But subtle differences somehow escape the 'Pipe's local Starbucks. There was something new on the menu last week. It was the maple macchiato. The 'Pipe was dubious. The caramel macchiato, the inspiration for the new tree-sap adaptation, is sweet enough. And at $5, the maple version still isn't breakfast — though it smells that way.

Online, Starbucks suggests you try the maple macchiato while hosting a leaf-pile party. "Raking leaves doesn't have to be a chore," runs the descriptive online beverage lineup section. "Invite several friends over for a few minutes of raking (the more the merrier — and the quicker), then spend the rest of the day celebrating."

The local manager of the notoriously tight-lipped company privately offered his own review.

"Between you and me," he said, "it's horrible." Not even with a short stack, he says. And he likes pancakes — no, loves them.

Tailpipe, a sucker for anything new, ordered one anyway. It's fine, if you like your coffee with a couple of ladles of Log Cabin (though the 'Pipe did have to stifle an impulse to dig out his cable-knit sweater). This old auto part is joining forces with comedian Denis Leary in the endless search for "coffee-flavored coffee."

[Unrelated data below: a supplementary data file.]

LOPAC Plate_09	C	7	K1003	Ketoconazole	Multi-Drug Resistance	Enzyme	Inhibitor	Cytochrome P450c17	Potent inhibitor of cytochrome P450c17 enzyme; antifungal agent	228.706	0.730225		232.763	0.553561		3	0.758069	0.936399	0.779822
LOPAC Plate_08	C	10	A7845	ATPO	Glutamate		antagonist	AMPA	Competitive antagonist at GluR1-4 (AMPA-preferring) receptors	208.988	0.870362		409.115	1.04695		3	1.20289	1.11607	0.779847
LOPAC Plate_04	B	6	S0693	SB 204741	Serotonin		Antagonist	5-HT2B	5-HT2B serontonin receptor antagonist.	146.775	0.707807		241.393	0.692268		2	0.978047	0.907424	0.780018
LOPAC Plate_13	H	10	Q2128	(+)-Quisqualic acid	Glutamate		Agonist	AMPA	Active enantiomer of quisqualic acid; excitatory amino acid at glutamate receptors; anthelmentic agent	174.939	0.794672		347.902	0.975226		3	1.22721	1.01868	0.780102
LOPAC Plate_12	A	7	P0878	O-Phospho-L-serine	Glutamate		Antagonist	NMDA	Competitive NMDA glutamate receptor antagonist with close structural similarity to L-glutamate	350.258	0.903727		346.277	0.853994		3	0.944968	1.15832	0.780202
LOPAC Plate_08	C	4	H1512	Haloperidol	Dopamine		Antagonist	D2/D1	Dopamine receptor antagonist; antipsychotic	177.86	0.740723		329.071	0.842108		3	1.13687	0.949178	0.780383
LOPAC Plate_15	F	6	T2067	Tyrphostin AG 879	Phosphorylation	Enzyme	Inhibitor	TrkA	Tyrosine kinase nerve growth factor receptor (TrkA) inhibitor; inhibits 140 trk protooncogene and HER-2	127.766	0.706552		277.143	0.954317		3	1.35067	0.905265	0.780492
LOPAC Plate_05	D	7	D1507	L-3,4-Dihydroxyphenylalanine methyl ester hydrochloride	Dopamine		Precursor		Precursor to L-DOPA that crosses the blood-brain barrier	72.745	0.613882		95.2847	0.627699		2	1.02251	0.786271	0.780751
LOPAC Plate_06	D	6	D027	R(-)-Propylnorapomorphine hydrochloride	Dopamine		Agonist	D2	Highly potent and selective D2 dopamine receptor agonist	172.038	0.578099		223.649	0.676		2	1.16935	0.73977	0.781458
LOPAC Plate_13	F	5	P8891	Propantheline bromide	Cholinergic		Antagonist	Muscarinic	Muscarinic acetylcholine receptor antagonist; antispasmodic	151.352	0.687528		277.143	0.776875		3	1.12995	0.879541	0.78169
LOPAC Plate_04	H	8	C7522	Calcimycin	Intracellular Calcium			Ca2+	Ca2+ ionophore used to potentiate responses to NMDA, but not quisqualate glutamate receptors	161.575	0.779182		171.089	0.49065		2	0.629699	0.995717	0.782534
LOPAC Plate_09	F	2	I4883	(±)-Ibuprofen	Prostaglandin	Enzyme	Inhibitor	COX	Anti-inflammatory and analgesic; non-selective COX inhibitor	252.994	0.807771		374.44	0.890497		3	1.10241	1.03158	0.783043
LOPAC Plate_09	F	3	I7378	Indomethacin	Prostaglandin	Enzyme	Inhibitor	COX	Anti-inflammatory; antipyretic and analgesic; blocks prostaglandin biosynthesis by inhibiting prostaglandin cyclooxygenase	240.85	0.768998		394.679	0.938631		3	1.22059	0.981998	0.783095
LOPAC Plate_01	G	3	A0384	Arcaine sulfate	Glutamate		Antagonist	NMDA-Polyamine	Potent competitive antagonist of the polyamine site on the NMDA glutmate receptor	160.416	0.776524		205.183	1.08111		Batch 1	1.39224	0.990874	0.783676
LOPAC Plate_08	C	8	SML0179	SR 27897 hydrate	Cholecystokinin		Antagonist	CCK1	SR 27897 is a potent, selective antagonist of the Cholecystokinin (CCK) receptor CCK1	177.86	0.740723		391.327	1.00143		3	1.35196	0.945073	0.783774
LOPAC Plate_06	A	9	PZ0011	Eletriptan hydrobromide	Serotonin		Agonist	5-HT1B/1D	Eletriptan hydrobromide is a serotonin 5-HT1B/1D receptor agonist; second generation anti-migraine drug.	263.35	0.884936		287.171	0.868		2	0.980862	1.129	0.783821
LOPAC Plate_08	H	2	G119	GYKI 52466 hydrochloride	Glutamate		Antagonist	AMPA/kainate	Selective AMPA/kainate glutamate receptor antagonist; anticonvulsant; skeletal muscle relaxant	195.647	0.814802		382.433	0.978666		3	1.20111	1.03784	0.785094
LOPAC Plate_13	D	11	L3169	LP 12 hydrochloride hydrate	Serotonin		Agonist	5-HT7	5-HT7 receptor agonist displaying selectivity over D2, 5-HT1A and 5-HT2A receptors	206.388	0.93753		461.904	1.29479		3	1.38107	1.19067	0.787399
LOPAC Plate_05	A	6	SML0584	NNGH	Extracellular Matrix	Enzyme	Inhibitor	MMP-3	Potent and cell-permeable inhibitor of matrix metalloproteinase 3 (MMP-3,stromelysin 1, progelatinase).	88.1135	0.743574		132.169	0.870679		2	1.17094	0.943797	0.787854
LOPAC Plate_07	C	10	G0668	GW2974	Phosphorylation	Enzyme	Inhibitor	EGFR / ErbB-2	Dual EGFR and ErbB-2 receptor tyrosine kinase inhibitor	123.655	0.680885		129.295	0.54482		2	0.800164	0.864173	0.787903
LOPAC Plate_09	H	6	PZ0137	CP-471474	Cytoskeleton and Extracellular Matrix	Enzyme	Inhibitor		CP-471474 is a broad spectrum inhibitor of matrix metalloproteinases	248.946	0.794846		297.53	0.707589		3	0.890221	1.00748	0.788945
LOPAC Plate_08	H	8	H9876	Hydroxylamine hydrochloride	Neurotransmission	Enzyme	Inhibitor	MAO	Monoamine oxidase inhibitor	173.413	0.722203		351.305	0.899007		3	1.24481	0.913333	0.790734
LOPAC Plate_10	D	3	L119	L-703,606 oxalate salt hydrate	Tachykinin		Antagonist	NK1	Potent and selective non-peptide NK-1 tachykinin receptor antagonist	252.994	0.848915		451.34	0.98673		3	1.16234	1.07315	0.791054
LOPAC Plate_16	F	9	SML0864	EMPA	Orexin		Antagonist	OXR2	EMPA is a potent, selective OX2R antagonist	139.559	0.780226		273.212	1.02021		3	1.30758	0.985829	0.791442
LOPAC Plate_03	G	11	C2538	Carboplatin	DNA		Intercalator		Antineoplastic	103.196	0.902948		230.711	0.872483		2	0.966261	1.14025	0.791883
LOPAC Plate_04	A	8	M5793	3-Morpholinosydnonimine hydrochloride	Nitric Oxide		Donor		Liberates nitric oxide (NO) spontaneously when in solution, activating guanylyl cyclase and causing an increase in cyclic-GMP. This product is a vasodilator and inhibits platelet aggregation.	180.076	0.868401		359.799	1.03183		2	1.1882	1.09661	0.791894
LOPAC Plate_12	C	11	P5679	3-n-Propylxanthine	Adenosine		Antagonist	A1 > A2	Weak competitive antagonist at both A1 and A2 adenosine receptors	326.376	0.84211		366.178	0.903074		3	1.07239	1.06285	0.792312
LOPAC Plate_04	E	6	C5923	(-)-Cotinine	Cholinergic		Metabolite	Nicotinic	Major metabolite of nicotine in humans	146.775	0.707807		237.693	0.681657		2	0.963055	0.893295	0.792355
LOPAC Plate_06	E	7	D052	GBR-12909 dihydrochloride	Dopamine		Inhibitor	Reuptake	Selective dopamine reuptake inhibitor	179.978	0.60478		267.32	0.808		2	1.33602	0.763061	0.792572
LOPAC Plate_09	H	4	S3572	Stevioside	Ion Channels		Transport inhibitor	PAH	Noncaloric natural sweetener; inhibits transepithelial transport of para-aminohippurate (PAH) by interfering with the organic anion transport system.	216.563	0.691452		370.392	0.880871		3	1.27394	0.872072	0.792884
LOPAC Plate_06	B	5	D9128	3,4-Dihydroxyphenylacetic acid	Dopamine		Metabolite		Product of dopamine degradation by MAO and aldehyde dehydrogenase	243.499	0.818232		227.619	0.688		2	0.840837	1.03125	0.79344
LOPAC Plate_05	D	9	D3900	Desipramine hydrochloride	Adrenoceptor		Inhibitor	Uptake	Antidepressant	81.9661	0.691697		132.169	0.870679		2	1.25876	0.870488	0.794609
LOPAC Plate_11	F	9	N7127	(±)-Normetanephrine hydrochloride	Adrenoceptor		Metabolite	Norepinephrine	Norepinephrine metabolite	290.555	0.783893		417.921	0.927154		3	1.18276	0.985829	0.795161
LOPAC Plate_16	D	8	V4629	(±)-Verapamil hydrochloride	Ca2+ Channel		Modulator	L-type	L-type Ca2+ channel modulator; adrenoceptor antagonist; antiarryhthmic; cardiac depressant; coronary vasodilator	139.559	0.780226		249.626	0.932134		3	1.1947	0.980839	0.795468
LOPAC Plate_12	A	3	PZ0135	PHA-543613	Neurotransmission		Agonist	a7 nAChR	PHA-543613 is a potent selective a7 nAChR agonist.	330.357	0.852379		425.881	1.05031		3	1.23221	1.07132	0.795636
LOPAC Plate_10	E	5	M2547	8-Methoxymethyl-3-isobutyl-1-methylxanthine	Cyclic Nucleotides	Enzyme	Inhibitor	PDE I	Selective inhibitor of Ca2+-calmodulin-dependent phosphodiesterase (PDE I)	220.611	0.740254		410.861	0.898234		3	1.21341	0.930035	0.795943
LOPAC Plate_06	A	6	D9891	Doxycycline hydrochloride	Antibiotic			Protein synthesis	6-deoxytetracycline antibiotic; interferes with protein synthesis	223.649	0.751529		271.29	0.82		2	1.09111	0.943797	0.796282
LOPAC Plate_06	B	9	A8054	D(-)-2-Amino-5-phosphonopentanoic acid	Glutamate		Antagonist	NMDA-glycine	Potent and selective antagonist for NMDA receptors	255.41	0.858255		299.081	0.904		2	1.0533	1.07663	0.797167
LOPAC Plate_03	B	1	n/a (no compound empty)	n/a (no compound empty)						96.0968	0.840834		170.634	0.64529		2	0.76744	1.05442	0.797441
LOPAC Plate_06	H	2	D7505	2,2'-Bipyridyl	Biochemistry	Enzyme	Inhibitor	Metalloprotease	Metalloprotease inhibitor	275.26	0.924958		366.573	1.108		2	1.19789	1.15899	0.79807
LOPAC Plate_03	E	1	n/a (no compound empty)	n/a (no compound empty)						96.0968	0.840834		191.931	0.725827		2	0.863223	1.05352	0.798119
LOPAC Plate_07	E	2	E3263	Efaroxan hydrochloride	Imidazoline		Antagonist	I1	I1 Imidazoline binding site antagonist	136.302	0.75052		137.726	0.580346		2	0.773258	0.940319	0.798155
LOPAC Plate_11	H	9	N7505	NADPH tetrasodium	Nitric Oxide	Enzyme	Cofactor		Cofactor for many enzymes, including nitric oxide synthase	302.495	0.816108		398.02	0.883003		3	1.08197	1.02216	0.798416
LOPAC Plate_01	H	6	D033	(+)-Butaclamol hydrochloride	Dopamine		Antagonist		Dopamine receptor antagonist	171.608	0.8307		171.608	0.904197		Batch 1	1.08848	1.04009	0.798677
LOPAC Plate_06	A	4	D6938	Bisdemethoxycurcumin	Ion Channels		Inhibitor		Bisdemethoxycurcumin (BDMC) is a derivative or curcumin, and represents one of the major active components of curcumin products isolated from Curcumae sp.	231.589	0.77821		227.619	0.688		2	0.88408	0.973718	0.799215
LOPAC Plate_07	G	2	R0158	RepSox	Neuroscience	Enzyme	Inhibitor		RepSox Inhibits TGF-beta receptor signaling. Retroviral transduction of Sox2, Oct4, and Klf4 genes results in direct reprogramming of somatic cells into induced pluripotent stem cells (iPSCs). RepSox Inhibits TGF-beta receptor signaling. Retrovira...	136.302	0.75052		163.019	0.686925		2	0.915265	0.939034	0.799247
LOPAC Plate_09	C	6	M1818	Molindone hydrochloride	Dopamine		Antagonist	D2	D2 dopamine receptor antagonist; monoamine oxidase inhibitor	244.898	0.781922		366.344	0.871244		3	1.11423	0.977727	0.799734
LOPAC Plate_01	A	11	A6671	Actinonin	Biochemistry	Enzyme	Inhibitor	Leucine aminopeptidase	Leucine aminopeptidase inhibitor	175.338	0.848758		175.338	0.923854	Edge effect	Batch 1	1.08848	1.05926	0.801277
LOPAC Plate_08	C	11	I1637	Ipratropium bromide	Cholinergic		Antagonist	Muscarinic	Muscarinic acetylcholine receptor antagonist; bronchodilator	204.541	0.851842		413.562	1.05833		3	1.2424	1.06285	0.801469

Fool Me Twice

After he lost his Motorola Razr at a house party in mid-October, 20-year-old Thivendra Naidoo, of Wellington, had only one recourse: to keep calling his own cell phone number in hopes that a Good Samaritan would answer.

And then one did. The Samaritan in this case didn't talk long — he worried that the battery on Naidoo's phone would go dead. He only had enough time to tell Naidoo to meet him on October 23 at the corner of Paddock Drive and Big Blue Terrace, not far from where Naidoo lived.

They met at that spot, and the Samaritan, a 6-foot-6 man with dreadlocks to his shoulder and a thick goatee, handed Naidoo the cell phone. But as Naidoo turned to leave, the Samaritan pulled out a gun and knocked Naidoo to the ground.

With that, the Samaritan ransacked Naidoo's person, taking a Quiksilver wallet with $40 in cash, a pack of Newport cigarettes, and Naidoo's Phat Farm sneakers.

He also took the cell phone (again) before jumping into his getaway car: a gray Dodge Neon with a young woman at the wheel.

According to Palm Beach Sheriff's Office spokesman Paul Miller, all leads in the case have gone cold, due in part to Naidoo's having broken off communication with detectives. The phone number Naidoo listed in the police report has been disconnected, and he could not be reached for comment. Tailpipe's theory is that he left for Honolulu before the dude with dreadlocks could figure out how to steal his furniture.